Outbreak Investigation of Listeria monocytogenes: Queso Fresco and Cotija Cheese (February 2024)

The FDA and CDC, in collaboration with state and local partners, are investigating illnesses in a multi-year, multistate outbreak of Listeria monocytogenes infections linked to queso fresco and cotija cheeses manufactured by Rizo Lopez Foods, Inc., of Modesto, California.

This outbreak includes cases dating back to 2014 and is currently ongoing. CDC investigated this outbreak in 2017 and 2021. Epidemiologic evidence in previous investigations identified queso fresco and other similar cheeses as a potential source of the outbreak, but there was not enough information to identify a specific brand.

A sample of Rizo Bros Aged Cotija tested positive for Listeria monocytogenes during sampling conducted by the Hawaii State Department of Health’s Food and Drug Branch in January 2024. In response to that finding, Rizo Lopez Foods, Inc. voluntarily recalled one batch of Rizo Bros Aged Cotija Mexican Grating Cheese (8oz) on January 11, 2024. CDC and FDA reopened the investigation in January 2024 after new illnesses were reported in December 2023 and whole genome sequencing (WGS) analysis of the cotija cheese sample showed that it is the same strain of Listeria that is causing illnesses in this outbreak.

According to CDC, of the 22 people interviewed, 16 (73%) reported eating queso fresco, cotija, or other similar cheeses. Among people who remembered specific brands, three people who got sick between 2014 and 2022 reported Don Francisco brand queso fresco or cotija. Don Francisco is one of the brands of recalled cheeses.

FDA initiated an on-site inspection at Rizo Lopez Foods, Inc.  FDA’s inspection is still ongoing; however, an environmental sample collected during that inspection tested positive for Listeria monocytogenes. WGS analysis of that sample showed that it is the same strain of Listeria that is causing illnesses in this outbreak.

In response to this investigation, Rizo Lopez Foods, Inc. has voluntarily recalled all sell by dates of its dairy products. The recalled products include cheese, yogurt, and sour cream sold under the brand names Tio Francisco, Don Francisco, Rizo Bros, Rio Grande, Food City, El Huache, La Ordena, San Carlos, Campesino, Santa Maria, Dos Ranchitos, Casa Cardenas, and 365 Whole Foods Market. The firm has temporarily ceased the production and distribution of these products while their investigation is ongoing.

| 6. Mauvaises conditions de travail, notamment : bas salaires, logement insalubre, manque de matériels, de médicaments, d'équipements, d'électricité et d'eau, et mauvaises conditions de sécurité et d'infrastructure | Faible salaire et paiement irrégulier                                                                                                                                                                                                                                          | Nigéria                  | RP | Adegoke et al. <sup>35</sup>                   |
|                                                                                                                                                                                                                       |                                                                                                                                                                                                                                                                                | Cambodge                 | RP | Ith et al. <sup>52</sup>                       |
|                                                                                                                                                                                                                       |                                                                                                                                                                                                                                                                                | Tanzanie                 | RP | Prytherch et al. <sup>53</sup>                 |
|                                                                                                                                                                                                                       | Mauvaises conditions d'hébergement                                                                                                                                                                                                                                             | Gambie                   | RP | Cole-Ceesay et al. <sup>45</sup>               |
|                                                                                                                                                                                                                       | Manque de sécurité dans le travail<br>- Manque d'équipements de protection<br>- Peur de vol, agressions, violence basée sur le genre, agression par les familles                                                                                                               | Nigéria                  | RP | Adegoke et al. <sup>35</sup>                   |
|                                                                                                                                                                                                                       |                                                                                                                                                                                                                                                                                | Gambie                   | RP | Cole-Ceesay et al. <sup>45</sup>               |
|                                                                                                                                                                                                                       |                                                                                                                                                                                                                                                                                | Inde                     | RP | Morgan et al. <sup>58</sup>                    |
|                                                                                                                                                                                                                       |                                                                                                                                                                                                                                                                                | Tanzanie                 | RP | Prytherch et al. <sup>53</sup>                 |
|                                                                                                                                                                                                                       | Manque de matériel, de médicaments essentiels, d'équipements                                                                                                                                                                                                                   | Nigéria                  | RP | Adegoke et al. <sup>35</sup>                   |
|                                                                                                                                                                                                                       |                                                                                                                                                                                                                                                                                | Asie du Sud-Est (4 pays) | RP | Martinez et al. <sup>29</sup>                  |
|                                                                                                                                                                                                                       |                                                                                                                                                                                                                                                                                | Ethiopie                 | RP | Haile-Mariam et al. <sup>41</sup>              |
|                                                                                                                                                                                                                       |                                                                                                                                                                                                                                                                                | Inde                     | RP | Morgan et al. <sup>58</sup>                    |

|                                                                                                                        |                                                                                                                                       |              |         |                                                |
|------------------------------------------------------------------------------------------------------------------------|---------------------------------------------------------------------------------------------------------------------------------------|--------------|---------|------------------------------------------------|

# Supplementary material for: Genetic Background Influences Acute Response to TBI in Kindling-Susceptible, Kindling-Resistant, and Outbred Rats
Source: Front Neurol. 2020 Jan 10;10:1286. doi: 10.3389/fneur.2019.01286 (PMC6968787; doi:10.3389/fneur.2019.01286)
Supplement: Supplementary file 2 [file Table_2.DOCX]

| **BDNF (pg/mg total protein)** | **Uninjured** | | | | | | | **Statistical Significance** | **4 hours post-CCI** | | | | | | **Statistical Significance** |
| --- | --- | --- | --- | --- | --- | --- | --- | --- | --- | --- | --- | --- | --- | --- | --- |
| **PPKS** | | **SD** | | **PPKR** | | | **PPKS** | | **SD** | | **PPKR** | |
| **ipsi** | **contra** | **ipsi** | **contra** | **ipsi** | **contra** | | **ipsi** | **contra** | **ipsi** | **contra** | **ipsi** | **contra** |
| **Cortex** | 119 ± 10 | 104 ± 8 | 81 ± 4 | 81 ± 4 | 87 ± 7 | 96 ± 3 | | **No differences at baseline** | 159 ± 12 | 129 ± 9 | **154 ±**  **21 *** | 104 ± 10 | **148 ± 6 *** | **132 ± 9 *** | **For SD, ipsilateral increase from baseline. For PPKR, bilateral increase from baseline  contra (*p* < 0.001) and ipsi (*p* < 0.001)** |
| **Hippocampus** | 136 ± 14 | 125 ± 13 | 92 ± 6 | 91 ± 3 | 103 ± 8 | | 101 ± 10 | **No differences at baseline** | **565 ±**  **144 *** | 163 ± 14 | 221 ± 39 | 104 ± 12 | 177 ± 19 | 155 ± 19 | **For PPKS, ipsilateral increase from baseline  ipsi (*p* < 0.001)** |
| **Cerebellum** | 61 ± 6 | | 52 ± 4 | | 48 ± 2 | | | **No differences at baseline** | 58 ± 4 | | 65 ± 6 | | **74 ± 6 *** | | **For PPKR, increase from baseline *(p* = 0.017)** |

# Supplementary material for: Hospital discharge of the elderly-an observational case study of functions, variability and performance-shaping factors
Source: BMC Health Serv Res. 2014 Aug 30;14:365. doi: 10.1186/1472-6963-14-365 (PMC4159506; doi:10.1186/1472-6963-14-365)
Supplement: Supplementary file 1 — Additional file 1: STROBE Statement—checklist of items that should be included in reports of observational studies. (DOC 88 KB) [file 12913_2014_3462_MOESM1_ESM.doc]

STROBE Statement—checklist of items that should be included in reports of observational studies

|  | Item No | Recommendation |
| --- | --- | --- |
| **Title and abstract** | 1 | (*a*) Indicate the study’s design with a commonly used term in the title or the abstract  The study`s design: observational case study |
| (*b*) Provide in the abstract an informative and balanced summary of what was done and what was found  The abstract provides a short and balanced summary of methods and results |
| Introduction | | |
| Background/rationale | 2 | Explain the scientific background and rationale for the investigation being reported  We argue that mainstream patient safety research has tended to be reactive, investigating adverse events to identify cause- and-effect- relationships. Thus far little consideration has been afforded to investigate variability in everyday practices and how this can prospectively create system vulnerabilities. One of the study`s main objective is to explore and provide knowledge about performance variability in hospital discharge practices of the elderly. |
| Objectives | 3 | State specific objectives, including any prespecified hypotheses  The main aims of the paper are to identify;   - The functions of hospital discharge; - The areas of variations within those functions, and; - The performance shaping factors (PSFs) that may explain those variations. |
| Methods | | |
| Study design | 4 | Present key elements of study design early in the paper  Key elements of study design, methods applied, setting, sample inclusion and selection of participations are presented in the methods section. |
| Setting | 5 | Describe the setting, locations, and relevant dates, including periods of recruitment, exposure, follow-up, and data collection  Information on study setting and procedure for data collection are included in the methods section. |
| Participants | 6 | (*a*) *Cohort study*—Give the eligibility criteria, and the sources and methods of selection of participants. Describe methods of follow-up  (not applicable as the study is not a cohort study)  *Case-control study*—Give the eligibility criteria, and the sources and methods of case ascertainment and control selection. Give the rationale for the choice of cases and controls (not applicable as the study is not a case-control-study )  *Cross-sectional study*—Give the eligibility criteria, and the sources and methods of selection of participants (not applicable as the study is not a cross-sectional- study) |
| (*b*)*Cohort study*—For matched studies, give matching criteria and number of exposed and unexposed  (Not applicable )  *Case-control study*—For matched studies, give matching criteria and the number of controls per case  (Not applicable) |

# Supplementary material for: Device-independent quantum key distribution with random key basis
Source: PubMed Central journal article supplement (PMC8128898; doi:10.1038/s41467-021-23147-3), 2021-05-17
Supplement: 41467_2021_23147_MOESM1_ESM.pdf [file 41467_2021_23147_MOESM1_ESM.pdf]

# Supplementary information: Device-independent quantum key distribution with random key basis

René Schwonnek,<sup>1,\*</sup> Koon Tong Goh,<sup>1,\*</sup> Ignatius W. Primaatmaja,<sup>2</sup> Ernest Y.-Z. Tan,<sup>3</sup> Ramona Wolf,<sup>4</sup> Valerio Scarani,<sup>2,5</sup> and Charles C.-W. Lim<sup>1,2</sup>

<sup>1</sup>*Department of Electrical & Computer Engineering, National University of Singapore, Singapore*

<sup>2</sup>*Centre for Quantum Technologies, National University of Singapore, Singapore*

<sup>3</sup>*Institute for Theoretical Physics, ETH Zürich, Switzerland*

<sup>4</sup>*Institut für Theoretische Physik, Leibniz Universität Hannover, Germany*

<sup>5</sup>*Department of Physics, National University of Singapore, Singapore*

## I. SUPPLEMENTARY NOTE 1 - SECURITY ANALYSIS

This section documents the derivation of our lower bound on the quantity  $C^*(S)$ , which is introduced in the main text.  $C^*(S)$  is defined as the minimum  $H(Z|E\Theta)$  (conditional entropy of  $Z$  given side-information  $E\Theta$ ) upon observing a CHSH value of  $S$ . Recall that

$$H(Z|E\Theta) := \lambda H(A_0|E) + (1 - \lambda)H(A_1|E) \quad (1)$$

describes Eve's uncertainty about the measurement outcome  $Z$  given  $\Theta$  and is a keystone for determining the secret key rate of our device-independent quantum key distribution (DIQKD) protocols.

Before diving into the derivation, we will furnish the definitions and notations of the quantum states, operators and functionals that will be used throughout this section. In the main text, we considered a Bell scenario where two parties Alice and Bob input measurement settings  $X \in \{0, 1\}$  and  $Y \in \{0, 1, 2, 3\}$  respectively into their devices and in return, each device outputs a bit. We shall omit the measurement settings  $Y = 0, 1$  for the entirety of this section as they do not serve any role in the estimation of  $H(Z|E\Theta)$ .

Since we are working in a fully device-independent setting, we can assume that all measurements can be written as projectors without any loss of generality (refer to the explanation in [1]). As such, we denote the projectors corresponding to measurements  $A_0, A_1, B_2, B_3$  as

FDA’s investigation is ongoing and FDA will continue to update this advisory as information becomes available.


Recalled products include all “Sell By” dates of cheese, yogurt, and sour cream (crema) sold under the brand names:

  • Tio Francisco
  • Don Francisco
  • Rizo Bros
  • Rio Grande
  • Food City
  • El Huache
  • La Ordena
  • San Carlos
  • Campesino
  • Santa Maria
  • Dos Ranchitos
  • Casa Cardenas
  • 365 Whole Foods Market

Product description, size, and UPCs are listed below. Additional information is also available in the firm’s recall notice.

Symptoms of Listeriosis (Listeria Infection)

Symptoms usually start within two weeks after eating food contaminated with Listeria but may start as early as the same day or as late as 10 weeks after. Mild symptoms may include a fever, muscle aches, nausea, tiredness, vomiting, and diarrhea. If the more severe form of listeriosis develops, symptoms may include headache, stiff neck, confusion, loss of balance, and convulsions.

Stores Affected

  • Sold Nationwide


Ongoing; updates will be provided as they become available.


  • Do not eat, sell, or serve recalled brands of cheeses, sour creams (cremas), or yogurts manufactured by Rizo Lopez Foods, Inc.
  • Check your refrigerators and freezers for any recalled products and throw them away. If you froze a product without the original packaging and can’t tell if it is part of the recall, throw it away.
  • Consumers, restaurants, and retailers who purchased or received recalled products, including wholesale products, should carefully clean and sanitize any surfaces or containers that it touched. Follow FDA’s safe handling and cleaning advice to reduce the risk of cross-contamination. Listeria can survive in refrigerated temperatures and can easily spread to other foods and surfaces.
  • If you have symptoms of listeriosis you should contact your health care provider to report your symptoms and receive care.

Recommendations for At-Risk Groups

  • Listeria is most likely to sicken pregnant people and newborns, adults aged 65 or older, and people with weakened immune systems. Other people can be infected with Listeria, but they rarely become seriously ill.
  • Pregnant people typically experience only fever, fatigue, and muscle aches. However, Listeria infection during pregnancy can lead to miscarriage, stillbirth, premature delivery, or life-threatening infection of the newborn.
  • Call your healthcare provider right away if you have symptoms of a Listeria infection.